Cookies bring impromptu lesson in geometry

I’m a stereotypical journalist in that math isn’t my strong suit. I’m definitely a words person, not a numbers person. But of all the math classes I took in high school and college, the one that I disliked the most was geometry. Though I wasn’t one for skipping classes much in high school, I managed to wriggle my way out of more than a couple geometry classes.

I admit that I didn’t try very hard to “get” geometry. My biggest hang-up was proofs. I could figure out the area of a triangle (most of the time) but I hated that I had to explain each step with the mathematical law that made that step possible. As a words person, this shouldn’t have been a big deal. This was just matching the right words to the numbers. But since I came to the solution to most math problems by mere luck, I couldn’t begin to explain how that worked.

So what does this have to do with baking cookies? Alas, I got a C in geometry once again.

I went to my Grandma Bollas’ cookbook for inspiration for this article, and came across a recipe for crescent cookies. Grandma Bollas raised six sons, some with the Sweet name and all with a sweet tooth, so most of the recipes she’d written down in an old school notebook of my dad’s were for various kinds of cookies.

Like many of her recipes, the crescent cookies entry was essentially just a skeleton of a recipe: a list of ingredients with a couple of notes on what order to mix them, followed by a time and temperature. No doubt she’d baked enough cookies to know how the recipe was supposed to go.

I’ve baked enough cookies to figure out Grandma’s recipe, too, and it seemed easy enough. First, you make a dough that’s sort of halfway between a pie crust and a shortbread cookie. Then, you roll it out, cut it into squares and fill it with a nut paste before rolling the cookie into a pretty crescent shape.

This is where my geometry skills failed me, and perhaps my gluten-free flour. I mixed up the dough, and since it contained a lot of butter as well as cream cheese, I figured that I could probably do without xanthan gum to hold the dough together. I put it in the refrigerator for about five hours, and it was nice and firm when I took it out again. I worked the dough a bit until it was pliable, then rolled it out between two sheets of wax paper coated with powdered sugar.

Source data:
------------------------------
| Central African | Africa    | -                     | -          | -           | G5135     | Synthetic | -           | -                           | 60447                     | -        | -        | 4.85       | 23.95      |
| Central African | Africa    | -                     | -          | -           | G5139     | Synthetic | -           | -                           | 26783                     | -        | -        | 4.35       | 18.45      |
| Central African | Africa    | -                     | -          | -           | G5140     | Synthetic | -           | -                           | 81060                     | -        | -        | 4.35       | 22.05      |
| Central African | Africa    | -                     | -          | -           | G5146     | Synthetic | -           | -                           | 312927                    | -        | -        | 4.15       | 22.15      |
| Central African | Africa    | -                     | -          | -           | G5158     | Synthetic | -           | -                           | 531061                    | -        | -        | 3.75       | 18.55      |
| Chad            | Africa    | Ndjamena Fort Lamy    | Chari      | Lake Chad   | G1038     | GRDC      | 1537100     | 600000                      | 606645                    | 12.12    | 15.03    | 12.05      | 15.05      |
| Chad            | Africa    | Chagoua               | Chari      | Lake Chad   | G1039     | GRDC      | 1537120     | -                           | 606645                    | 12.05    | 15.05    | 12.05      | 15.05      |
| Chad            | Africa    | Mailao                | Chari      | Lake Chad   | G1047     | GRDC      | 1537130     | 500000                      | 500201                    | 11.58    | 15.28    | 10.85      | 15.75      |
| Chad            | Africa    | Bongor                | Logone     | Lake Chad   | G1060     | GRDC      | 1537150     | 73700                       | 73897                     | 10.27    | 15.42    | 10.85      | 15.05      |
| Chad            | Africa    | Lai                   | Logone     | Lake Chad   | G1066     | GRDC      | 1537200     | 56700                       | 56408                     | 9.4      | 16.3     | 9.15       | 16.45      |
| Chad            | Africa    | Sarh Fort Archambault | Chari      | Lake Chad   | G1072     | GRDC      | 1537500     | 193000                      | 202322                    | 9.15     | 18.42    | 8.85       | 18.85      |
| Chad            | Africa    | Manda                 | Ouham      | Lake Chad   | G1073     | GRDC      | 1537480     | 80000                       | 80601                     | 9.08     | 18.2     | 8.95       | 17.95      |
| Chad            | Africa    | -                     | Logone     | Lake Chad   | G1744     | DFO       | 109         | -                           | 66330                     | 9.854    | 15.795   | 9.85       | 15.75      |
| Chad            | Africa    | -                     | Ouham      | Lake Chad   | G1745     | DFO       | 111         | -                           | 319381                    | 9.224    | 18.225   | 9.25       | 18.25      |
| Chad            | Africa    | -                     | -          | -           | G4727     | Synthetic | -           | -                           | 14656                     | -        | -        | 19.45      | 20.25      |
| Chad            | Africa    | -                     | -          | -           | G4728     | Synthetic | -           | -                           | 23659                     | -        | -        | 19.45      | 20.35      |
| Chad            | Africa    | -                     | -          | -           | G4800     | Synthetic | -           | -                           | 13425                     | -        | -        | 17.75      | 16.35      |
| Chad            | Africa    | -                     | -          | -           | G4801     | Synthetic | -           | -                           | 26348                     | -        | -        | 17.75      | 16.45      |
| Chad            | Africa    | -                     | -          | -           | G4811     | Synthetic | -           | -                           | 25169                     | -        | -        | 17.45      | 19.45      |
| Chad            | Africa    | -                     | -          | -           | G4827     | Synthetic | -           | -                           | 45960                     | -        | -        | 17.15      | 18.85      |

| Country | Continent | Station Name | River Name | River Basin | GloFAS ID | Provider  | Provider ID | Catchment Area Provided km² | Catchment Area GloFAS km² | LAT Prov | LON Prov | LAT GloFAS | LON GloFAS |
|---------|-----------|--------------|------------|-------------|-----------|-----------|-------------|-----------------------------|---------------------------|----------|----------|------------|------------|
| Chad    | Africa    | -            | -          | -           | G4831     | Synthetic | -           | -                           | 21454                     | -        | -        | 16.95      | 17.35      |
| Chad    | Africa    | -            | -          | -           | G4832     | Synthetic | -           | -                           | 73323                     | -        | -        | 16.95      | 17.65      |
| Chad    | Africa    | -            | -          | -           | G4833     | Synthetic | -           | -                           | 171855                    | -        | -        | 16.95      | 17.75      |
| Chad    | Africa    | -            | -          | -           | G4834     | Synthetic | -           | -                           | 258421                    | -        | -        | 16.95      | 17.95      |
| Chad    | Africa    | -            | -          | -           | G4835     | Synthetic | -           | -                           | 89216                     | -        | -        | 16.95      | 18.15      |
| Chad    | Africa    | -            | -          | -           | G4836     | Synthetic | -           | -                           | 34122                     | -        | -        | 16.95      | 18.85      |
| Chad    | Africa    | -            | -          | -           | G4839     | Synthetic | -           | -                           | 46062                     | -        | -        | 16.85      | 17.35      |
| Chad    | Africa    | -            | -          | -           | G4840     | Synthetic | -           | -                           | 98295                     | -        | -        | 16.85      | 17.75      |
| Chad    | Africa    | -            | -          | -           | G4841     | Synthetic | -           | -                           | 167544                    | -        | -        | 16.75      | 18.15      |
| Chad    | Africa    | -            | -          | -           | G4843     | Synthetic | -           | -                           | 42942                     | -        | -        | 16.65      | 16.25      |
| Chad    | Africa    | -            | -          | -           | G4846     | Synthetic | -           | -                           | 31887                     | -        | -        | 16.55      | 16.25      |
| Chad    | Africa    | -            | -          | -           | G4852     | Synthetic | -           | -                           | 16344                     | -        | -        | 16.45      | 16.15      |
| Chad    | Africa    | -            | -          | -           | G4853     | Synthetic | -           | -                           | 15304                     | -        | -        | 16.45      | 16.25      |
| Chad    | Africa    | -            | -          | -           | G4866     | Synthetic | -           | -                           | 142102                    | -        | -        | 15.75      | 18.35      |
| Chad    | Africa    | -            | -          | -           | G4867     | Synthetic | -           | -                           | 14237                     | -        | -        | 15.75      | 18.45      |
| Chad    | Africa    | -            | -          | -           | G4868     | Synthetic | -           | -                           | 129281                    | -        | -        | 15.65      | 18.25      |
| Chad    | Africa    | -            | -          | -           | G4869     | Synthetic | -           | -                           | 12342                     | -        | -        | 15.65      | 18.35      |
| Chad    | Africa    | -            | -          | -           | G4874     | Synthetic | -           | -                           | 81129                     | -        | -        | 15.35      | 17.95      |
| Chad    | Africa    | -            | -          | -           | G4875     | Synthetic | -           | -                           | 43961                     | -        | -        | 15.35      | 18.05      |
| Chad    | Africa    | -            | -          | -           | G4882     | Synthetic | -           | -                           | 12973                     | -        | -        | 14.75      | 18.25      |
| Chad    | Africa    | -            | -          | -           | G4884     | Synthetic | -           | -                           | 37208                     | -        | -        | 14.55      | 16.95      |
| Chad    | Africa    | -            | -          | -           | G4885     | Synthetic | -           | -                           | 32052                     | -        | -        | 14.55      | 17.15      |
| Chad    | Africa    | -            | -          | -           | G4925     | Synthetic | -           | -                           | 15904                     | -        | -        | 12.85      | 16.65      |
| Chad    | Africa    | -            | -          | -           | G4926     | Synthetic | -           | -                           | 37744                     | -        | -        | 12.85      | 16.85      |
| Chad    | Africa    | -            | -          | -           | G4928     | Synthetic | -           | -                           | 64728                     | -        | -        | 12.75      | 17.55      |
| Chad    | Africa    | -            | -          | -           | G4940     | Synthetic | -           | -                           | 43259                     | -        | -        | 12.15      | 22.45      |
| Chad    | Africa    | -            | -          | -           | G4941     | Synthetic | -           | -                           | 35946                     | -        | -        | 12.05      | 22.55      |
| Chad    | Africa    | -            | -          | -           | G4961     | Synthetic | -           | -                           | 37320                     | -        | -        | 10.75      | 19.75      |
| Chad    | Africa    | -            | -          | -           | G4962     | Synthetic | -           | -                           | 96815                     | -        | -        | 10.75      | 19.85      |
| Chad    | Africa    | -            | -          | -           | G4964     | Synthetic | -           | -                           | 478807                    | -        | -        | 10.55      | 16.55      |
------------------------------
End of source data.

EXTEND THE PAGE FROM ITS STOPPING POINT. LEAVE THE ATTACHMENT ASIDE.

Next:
My first cookie turned out nicely. I spooned in the nut filling, pulled the edges over and formed a nice crescent on my cookie sheet. A second decent-looking crescent followed. But that’s when things went off the rails. First, I seemed to be cutting the squares too big, which led to some giant, messy sort of bowties. Some of the squares were more rectangular, and those ones didn’t roll up very neatly. If I had actually learned all those geometric proofs back then, would my shapes have come out better? Finally, the dough got a little sticky (should I have used xanthan gum?), so a few of the cookies ended up looking more like tortellini than crescents.

With pasta shapes on my mind, I decided to improvise. Why not make ravioli cookies? I got out a round cookie cutter and started cutting out circles. I put a dollop of nut paste in the middle, then topped it with another circle, sealing the edges. Now my cookies were a lot more uniform, even if they were no longer crescents. They cooked up nicely and were tasty, too, so I don’t think Grandma Bollas would mind my improvisation.

But maybe in my next life, I won’t skip geometry class.